In this regard $\beta$ is seen as the value which retrieves an average residual of 0. It needn't rely on any underlying probability model to have this interpretation. It is, however, interesting to go about deriving the score equations for a normal likelihood, you will see indeed that they take exactly the form displayed above. Maximizing the likelihood of regular exponential family for a linear model (e.g. linear or logistic regression) is equivalent to obtaining solutions to their score equations.

$$0 = \sum_{i=1}^n S_i(\alpha, \beta) = \frac{\partial}{\partial \beta} \log \mathcal{L}( \beta, \alpha, X, Y) = \mathbf{X}^T (Y - g(\mathbf{X}\beta))$$

Where $Y_i$ has expected value $g(\mathbf{X}_i \beta)$. In GLM estimation, $g$ is said to be the inverse of a link function. In normal likelihood equations, $g^{-1}$ is the identity function, and in logistic regression $g^{-1}$ is the logit function. A more general approach would be to require $0 = \sum_{i=1}^n Y - g(\mathbf{X}_i\beta)$ which allows for model misspecification.

Additionally, it is interesting to note that for regular exponential families, $\frac{\partial g(\mathbf{X}\beta)}{\partial \beta} = \mathbf{V}(g(\mathbf{X}\beta))$ which is called a mean-variance relationship. Indeed for logistic regression, the mean variance relationship is such that the mean $p = g(\mathbf{X}\beta)$ is related to the variance by $\mbox{var}(Y_i) = p_i(1-p_i)$. This suggests an interpretation of a model misspecified GLM as being one which gives a 0 average Pearson residual. This further suggests a generalization to allow non-proportional functional mean derivatives and mean-variance relationships.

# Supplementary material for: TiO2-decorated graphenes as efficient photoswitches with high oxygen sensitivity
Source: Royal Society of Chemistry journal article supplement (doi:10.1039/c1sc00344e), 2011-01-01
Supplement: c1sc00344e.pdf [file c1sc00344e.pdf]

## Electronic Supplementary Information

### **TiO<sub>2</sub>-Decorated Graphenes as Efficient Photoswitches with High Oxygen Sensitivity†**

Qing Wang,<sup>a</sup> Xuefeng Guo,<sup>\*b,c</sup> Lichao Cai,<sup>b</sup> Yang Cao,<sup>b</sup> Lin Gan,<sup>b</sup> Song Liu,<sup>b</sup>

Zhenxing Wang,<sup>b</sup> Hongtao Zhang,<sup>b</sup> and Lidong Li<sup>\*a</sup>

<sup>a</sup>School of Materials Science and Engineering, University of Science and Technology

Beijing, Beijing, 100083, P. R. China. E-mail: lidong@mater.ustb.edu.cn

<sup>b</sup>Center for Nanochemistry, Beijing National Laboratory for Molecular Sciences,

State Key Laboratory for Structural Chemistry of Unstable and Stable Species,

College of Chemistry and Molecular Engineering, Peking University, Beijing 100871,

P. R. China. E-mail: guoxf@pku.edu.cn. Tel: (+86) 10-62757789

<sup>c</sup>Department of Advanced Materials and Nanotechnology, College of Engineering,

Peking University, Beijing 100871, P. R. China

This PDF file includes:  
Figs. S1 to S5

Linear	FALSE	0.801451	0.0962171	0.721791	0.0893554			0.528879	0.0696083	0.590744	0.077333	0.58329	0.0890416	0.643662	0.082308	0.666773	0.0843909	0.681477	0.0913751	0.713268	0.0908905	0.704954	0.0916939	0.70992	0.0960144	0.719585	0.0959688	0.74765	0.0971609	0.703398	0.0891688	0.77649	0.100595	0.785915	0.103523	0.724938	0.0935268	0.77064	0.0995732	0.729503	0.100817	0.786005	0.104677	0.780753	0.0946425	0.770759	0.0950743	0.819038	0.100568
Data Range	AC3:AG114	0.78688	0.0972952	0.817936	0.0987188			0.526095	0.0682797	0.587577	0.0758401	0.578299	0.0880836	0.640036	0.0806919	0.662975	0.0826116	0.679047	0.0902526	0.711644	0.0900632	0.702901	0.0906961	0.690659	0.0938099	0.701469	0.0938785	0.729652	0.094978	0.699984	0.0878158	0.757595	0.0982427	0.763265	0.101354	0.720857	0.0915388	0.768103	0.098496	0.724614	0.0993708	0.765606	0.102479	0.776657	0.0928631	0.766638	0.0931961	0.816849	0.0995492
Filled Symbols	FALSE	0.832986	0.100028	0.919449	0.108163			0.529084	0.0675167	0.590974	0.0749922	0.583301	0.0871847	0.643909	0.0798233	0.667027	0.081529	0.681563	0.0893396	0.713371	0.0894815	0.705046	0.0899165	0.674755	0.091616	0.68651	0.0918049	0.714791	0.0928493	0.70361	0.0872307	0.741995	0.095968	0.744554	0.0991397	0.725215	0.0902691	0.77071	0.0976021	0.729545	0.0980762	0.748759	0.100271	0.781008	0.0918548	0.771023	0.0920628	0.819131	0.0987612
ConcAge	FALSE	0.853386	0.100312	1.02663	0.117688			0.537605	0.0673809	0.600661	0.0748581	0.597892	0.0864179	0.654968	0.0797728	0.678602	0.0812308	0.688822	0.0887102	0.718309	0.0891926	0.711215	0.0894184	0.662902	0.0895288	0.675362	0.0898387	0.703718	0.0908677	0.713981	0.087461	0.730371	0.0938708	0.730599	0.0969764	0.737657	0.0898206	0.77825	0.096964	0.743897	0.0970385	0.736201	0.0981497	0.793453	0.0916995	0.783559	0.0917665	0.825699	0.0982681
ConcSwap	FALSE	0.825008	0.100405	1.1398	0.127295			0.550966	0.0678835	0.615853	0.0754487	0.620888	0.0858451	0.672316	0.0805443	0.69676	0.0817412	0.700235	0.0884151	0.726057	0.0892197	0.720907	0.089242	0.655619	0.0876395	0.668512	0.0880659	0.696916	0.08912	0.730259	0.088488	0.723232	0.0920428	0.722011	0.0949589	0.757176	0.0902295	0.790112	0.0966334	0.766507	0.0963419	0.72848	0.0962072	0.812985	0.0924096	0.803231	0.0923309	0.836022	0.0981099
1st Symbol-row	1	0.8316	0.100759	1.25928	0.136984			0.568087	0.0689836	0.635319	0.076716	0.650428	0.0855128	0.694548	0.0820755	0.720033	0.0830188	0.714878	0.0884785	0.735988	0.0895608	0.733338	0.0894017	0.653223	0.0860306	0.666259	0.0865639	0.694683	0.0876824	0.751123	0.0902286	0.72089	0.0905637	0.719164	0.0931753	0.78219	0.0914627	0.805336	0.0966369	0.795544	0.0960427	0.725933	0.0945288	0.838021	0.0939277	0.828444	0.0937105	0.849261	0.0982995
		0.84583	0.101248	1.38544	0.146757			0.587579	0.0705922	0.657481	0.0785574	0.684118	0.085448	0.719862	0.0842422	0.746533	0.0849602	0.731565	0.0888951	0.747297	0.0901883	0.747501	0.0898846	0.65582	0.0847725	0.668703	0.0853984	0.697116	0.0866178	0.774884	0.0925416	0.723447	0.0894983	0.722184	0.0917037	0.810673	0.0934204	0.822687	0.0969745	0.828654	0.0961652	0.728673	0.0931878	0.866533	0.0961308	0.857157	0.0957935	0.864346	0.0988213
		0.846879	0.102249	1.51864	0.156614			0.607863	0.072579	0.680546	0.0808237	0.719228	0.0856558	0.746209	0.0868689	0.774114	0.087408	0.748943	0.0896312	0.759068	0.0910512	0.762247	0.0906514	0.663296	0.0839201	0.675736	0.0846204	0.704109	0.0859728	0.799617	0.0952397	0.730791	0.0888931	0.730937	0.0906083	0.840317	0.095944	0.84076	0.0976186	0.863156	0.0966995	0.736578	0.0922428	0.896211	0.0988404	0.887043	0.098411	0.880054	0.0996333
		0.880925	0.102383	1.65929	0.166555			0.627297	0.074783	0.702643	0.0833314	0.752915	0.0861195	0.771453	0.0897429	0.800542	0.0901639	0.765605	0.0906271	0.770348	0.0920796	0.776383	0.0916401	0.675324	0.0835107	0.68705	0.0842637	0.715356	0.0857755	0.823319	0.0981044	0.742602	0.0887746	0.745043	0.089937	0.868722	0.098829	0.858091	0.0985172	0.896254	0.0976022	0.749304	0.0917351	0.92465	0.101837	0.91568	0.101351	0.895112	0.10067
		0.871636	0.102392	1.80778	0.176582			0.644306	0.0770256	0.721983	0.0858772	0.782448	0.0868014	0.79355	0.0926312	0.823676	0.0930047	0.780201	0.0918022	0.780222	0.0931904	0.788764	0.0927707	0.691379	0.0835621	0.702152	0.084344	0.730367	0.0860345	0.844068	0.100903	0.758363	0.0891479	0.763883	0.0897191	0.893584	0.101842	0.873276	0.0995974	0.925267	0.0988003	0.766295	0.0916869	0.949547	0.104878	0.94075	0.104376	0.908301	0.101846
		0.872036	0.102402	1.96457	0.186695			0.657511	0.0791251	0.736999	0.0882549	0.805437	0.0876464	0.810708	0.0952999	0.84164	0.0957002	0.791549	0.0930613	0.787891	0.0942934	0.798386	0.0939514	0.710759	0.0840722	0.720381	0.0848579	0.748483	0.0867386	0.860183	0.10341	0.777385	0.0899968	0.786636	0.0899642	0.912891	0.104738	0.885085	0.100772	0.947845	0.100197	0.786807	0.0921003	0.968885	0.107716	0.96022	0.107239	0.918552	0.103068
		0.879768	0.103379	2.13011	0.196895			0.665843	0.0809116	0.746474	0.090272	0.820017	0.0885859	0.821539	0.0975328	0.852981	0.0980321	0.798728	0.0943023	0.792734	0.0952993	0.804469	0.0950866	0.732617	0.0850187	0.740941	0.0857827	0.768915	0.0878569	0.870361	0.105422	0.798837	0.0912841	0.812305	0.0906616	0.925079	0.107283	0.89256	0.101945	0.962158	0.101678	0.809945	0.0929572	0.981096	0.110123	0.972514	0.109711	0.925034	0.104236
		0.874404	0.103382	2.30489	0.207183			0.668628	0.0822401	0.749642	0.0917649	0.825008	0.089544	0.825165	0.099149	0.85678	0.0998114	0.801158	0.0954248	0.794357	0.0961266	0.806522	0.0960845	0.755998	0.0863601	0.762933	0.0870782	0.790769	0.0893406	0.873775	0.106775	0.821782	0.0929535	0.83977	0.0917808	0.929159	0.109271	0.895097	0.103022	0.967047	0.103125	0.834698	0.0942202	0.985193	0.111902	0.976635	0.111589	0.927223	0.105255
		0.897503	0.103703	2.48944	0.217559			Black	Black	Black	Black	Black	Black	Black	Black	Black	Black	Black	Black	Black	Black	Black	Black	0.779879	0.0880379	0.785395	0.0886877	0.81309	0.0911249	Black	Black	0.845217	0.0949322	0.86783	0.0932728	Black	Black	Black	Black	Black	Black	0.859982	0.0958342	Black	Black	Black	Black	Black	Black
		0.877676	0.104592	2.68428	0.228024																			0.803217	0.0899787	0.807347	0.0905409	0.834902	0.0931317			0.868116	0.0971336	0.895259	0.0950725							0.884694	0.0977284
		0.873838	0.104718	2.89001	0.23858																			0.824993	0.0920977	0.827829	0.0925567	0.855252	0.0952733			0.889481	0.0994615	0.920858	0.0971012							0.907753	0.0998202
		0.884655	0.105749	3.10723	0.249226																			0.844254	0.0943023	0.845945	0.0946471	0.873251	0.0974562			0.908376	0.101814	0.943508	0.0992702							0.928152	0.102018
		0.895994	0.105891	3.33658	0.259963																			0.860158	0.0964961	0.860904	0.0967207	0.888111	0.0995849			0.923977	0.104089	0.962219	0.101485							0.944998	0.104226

A generalized estimating equation approach would specify linear models in the following way:

$$0 = \frac{\partial g(\mathbf{X}\beta)}{\partial \beta} \mathbf{V}^{-1}\left(Y - g(\mathbf{X}\beta)\right)$$

With $\mathbf{V}$ a matrix of variances based on the fitted value (mean) given by $g(\mathbf{X}\beta)$. This approach to estimation allows one to pick a link function and mean variance relationship as with GLMs.

In logistic regression $g$ would be the inverse logit, and $V_{ii}$ would be given by $g(\mathbf{X}_i \beta)(1-g(\mathbf{X}\beta))$. The solutions to this estimating equation, obtained by Newton-Raphson, will yield the $\beta$ obtained from logistic regression. However a somewhat broader class of models is estimable under a similar framework. For instance, the link function can be taken to be the log of the linear predictor so that the regression coefficients are relative risks and not odds ratios. Which--given the well documented pitfalls of interpreting ORs as RRs--behooves me to ask why anyone fits logistic regression models at all anymore.

• +1 great answer. formulate it as a root finding on derivative is really new for me. and the second equation is really concise. – Haitao Du Aug 9 '16 at 23:00